Canada: - March 2005

Last Updated: June 7 2005


  • Canadian Secure Electronic Signature Regulations in Force
  • House Committee Approves Revised Spyware Bill
  • Senators Introduce Anti-Spyware Legislation
  • FEC to Exempt Bloggers from Election Law
  • Senator Introduces Phishing bill
  • French Court Rules Downloading Legal
  • Student Convicted of Illegally Downloading Music
  • Phone Company Pays Fine for Blocking VOIP Calls
  • Google Being Sued Over News Site

Canadian Secure Electronic Signature Regulations In Force

The Canadian government has brought into force a series of secure electronic signature regulations (the "Regulations"). The Regulations define "secure electronic signature" for the purposes of the Personal Information Protection and Electronic Documents Act and the Canada Evidence Act. An essential element of the process of creating a secure electronic signature involves the use of a "digital signature certificate" issued by a certification authority. The Regulations provide that only those digital signature certificates are deemed to be sufficiently trustworthy that are issued by certification authorities which have been approved by Treasury Board.

When an electronic document is signed using a digital signature, where the digital signature certificate has been issued by a certification authority listed on the Treasury Board Web site, then the Regulations establish a rebuttable presumption that the electronic document is attributable to the person who is identified in, or can be identified through, the digital signature certificate.

Regulations are available at:

House Committee Approves Revised Spyware Bill

A committee of the U.S. House of Representatives unanimously approved a revised version of anti-spyware legislation designed to make the bill more acceptable to business interests. The Spy Act, as it is called, aims to prevent spyware transmitters from hijacking a homepage or tracking a user's keystrokes. The act would require spyware programs to be easily identifiable and removable, would prohibit the collection of personal information unless express consent is given by users. However, the amended bill would exempt software cookies, including third-party cookies, from the Spyware definitions. The revised language also affirms that companies can monitor activity on their own Web sites, and direct advertising of their own products without being subject to the bill's notice-and-consent provision.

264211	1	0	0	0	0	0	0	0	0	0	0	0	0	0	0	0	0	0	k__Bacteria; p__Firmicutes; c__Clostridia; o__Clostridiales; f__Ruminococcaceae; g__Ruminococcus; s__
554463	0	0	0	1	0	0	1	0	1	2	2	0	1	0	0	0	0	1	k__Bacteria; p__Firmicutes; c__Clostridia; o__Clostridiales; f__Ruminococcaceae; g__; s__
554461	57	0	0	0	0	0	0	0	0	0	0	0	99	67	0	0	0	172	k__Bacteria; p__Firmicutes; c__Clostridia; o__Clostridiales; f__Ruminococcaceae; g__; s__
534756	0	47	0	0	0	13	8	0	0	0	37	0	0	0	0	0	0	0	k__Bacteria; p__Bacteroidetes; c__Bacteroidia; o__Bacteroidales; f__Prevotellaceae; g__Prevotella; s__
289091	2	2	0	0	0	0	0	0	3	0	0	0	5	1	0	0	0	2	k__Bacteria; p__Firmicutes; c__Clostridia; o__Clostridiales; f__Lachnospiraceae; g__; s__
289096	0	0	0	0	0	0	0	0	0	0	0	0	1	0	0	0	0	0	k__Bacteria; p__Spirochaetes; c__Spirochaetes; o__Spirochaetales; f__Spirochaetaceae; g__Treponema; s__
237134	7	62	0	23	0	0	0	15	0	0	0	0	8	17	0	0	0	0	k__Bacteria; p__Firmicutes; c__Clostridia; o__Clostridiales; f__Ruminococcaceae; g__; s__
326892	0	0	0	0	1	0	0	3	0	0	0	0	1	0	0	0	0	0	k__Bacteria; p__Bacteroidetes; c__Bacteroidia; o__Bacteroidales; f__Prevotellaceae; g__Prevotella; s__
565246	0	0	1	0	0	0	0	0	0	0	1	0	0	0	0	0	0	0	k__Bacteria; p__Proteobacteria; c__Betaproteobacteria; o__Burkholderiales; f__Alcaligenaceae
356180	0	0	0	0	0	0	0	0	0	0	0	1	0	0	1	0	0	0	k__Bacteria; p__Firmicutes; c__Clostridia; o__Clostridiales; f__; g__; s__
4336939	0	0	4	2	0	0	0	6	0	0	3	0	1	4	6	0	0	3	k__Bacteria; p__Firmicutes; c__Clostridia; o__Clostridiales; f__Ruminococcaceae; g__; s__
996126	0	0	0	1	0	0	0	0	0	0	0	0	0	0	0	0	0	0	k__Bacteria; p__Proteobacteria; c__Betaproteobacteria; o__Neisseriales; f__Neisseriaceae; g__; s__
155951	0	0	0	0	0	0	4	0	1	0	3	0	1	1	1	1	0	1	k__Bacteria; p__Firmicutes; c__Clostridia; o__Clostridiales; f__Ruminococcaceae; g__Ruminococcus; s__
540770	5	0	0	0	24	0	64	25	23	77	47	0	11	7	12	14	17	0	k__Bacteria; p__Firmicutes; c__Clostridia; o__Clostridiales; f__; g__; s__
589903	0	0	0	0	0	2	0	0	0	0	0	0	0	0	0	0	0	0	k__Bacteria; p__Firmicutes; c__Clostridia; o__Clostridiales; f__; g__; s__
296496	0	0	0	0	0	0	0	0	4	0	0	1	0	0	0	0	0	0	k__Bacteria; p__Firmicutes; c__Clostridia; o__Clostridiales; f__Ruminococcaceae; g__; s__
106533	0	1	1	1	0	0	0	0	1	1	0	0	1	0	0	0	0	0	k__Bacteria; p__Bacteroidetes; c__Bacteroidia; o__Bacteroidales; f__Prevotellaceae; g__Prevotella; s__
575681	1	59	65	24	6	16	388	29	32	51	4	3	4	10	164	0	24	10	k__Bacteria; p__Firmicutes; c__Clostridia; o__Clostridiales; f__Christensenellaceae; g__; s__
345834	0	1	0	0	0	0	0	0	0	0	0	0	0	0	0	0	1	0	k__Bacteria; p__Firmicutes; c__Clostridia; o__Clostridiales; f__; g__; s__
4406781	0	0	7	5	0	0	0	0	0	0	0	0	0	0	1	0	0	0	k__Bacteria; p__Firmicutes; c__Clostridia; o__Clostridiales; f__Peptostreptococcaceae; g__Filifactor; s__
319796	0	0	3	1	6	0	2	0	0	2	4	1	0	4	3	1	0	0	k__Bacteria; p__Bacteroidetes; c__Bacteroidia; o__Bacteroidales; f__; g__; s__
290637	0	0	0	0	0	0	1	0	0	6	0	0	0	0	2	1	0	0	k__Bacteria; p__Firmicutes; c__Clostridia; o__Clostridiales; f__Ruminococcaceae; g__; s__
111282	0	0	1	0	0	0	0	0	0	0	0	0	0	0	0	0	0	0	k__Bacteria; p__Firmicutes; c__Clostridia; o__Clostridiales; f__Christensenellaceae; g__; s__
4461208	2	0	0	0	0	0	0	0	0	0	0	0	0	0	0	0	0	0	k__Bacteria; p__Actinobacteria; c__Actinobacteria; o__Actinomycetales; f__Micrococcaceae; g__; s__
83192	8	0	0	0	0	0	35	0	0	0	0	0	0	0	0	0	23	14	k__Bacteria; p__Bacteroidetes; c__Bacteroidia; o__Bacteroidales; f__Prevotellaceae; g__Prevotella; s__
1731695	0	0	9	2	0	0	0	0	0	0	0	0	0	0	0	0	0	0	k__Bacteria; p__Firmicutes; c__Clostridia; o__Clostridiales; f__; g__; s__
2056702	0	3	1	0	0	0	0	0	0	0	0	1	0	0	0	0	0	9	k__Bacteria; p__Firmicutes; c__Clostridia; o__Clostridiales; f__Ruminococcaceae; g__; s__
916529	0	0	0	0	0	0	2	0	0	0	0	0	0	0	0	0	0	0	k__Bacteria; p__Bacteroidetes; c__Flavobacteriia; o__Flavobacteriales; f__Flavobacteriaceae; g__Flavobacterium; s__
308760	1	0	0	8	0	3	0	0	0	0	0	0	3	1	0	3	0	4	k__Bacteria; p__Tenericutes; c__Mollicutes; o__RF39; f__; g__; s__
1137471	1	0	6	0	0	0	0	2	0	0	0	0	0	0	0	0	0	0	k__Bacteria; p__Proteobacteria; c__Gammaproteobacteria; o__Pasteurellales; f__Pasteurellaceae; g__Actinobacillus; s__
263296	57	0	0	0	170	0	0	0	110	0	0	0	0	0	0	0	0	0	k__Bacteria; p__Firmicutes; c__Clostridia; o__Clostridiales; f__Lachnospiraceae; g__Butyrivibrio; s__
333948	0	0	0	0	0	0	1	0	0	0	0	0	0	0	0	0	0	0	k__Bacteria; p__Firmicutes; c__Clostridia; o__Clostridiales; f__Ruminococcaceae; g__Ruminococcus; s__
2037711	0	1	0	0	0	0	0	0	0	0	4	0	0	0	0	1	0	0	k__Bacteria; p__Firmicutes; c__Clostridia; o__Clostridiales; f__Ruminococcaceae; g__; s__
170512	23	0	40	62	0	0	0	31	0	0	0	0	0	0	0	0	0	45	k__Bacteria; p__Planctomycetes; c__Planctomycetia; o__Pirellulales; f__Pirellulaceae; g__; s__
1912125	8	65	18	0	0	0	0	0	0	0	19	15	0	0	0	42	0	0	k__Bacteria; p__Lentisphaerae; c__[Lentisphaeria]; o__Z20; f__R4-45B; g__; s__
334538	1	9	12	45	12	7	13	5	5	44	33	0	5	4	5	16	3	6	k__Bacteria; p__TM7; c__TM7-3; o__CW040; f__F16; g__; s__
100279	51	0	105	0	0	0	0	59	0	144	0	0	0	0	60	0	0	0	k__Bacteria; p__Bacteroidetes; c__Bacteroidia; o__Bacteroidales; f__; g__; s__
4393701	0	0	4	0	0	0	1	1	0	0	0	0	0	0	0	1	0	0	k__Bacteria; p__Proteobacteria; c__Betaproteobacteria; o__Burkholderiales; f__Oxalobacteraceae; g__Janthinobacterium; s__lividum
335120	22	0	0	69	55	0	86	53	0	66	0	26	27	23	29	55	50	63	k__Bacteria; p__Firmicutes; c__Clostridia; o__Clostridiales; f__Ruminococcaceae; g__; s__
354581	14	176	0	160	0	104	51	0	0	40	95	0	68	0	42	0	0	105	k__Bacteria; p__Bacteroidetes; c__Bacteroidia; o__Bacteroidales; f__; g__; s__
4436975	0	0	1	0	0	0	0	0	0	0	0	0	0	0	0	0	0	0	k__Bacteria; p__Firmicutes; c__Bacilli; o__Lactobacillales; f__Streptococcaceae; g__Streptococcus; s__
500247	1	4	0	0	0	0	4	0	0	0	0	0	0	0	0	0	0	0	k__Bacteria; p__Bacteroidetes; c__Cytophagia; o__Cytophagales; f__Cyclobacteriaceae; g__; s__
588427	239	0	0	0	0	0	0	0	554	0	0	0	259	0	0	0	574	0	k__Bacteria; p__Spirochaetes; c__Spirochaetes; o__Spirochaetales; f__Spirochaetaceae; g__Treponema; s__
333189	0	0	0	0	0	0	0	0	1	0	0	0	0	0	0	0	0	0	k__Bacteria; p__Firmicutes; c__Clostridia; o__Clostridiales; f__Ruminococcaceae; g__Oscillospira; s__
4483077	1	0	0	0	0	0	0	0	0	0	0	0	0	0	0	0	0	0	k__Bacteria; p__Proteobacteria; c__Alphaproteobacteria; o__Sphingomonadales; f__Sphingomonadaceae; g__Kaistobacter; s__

More information available at:,1283,66848,00.html

Senators Introduce Anti-Spyware Legislation

U.S. Senators Conrad Burns and Ron Wyden, authors of the 2003 CAN SPAM Act, have recently introduced anti-spyware legislation, calling for prohibitions and penalties on a variety of practices that result in unwanted software being placed on computers. The bill, called the Spy Block Act, starts with the premise that computer owners should have full knowledge and control over the software installed on their machines. This law would ban the surreptitious installation of software unknown to the user, prohibit misleading inducements to install software and forbid the collection and transmission of information about the user of a computer without the user's consent.

More information available at:

FEC To Exempt Bloggers From Election Law

The Federal Election Commission ("FEC") recently released anticipated rules which confirm that political bloggers would continue to be exempt from most campaign finance laws. Furthermore, the FEC also proposes that news outlets that are online-only and individual bloggers be treated as legitimate journalists and therefore remain unaffected by laws that could count their political endorsements as campaign contributions. The FEC maintains that these proposed rules are intended to ensure that political committees properly finance and disclose their Internet communications, without preventing individuals from using the Internet to speak freely about candidates and elections.